Originally published in France as Pour en finir avec le cinéma, So Long, Silver Screen is, amazingly, the first full-length work by Blutch to be translated into English. Blutch began his professional comics career 25 years ago and has published over a dozen books, all to wide acclaim, so it is hard to greet this volume with anything other than, "It's about time!" Our thanks – and doubtless that of many others – goes out to PictureBox for at last bringing this artist to the English speaking world. Blutch is a gifted tale spinner and delineator, whose legendary comics work has inspired and influenced many artists, notably Craig Thompson, who, by way of introducing him to American audiences, has interviewed Blutch, here. So Long, Silver Screen combines a knowledge of European visual art and literary culture with a love of movies to forge a meditation on the place of cinéma in our lives. This is a work that is, unsurprisingly, highly French in character, and so will, naturally, be especially enjoyed by Franophiles, and likely disdained by Francophobes. We feel confident that those who enjoy fine comics and whose leanings are neither one way or another on the issue of la culture française will be swayed by the uniformly high quality of this fine volume.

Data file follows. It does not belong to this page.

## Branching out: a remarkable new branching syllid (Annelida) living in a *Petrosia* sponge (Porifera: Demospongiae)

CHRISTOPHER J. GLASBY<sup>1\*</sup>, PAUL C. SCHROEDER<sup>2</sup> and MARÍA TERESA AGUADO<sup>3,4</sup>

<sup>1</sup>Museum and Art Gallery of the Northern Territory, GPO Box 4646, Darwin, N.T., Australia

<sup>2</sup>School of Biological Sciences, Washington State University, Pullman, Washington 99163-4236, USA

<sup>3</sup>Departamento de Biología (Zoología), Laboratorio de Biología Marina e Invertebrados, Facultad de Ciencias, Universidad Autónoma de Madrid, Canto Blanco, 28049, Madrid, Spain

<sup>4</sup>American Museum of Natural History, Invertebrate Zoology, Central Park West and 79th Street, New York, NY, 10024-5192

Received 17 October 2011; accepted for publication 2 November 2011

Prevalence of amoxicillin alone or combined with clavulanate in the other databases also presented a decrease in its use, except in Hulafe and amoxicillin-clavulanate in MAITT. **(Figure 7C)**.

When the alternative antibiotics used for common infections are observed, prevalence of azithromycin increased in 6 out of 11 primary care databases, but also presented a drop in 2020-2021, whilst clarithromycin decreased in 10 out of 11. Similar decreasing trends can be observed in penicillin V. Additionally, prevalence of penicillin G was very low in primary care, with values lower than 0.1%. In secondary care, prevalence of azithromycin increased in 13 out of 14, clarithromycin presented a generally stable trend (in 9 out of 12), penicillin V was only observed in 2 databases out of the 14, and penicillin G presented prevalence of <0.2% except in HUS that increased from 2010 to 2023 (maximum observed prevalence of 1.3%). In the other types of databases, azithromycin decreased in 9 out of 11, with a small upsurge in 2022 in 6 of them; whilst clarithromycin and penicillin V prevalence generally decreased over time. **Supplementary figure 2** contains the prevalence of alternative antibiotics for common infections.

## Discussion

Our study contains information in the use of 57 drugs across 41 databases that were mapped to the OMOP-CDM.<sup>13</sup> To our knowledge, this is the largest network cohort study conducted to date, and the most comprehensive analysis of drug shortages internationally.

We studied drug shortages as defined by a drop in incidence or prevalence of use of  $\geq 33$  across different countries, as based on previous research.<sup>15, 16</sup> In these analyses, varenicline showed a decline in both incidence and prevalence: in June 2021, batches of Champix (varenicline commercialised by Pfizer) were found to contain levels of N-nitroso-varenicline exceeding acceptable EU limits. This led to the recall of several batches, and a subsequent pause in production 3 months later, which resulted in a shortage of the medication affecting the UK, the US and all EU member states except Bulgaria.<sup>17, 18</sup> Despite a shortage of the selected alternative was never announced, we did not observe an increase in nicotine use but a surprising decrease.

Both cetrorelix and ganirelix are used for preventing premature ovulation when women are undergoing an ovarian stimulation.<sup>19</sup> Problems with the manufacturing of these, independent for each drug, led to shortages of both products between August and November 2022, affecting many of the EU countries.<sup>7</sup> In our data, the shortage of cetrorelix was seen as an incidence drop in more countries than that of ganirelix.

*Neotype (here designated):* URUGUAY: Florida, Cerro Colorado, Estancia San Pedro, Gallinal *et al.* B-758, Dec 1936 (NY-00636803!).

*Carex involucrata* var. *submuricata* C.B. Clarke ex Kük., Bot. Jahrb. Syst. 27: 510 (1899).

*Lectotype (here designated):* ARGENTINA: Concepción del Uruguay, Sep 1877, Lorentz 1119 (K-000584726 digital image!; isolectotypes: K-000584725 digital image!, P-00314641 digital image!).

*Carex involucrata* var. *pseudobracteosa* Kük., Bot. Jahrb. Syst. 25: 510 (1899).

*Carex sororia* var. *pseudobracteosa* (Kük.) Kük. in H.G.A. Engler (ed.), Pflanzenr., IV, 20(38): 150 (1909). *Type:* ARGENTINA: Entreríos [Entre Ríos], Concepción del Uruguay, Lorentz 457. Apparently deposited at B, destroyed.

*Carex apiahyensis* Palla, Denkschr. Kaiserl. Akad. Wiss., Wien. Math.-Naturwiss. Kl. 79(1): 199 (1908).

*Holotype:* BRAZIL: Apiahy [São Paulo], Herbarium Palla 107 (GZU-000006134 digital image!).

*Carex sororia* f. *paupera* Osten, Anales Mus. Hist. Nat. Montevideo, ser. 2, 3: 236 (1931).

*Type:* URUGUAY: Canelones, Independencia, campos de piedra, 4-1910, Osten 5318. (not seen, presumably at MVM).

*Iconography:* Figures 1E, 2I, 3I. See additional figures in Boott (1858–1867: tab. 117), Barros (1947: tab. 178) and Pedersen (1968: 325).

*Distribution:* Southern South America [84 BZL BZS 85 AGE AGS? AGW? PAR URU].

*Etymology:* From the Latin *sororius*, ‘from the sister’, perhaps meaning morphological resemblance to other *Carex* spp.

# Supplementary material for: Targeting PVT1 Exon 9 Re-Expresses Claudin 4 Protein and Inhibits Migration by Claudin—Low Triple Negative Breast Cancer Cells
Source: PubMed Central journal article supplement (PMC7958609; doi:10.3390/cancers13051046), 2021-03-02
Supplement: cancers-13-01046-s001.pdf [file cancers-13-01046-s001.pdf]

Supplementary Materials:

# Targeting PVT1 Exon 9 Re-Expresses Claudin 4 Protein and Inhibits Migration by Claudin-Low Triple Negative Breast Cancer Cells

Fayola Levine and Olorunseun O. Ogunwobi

The second volume in the New York Review's just launched line of comics also happens to be only the second work by the major league Bande Dessinée creator, Blutch to be translated into English and published in North America. In Peplum, Blutch uses comics to take on a raft of ideas, notions, dreams and conceits that have accreted around the historical memory of ancient Rome and weaves them together in a pen and ink tapestry that brings with it a host of fresh perspectives.
We were excited enough by this book's publication that we ordered it – from France – in it's original French language release (resulting in us charging more than twice as much as we are for this North American release!). While, of course, there have been comics about jazz in the past – some of the best of which, intriguingly, have also originated in Europe – in Total Jazz, Blutch, comics master that he is, has done more than most to bring the spirit of jazz to its representation in comics form; working towards translating the jazz ethos of improvisation within formal compositions into the language of comics. While many of the short pieces collected here are brief anecdotes with varying degrees of both sly and straightforward humor, there is a variability in their representational modes that, again, embodies the jazz spirit of experimentation and risk taking. Taken together as a whole, Total Jazz is a comics milestone.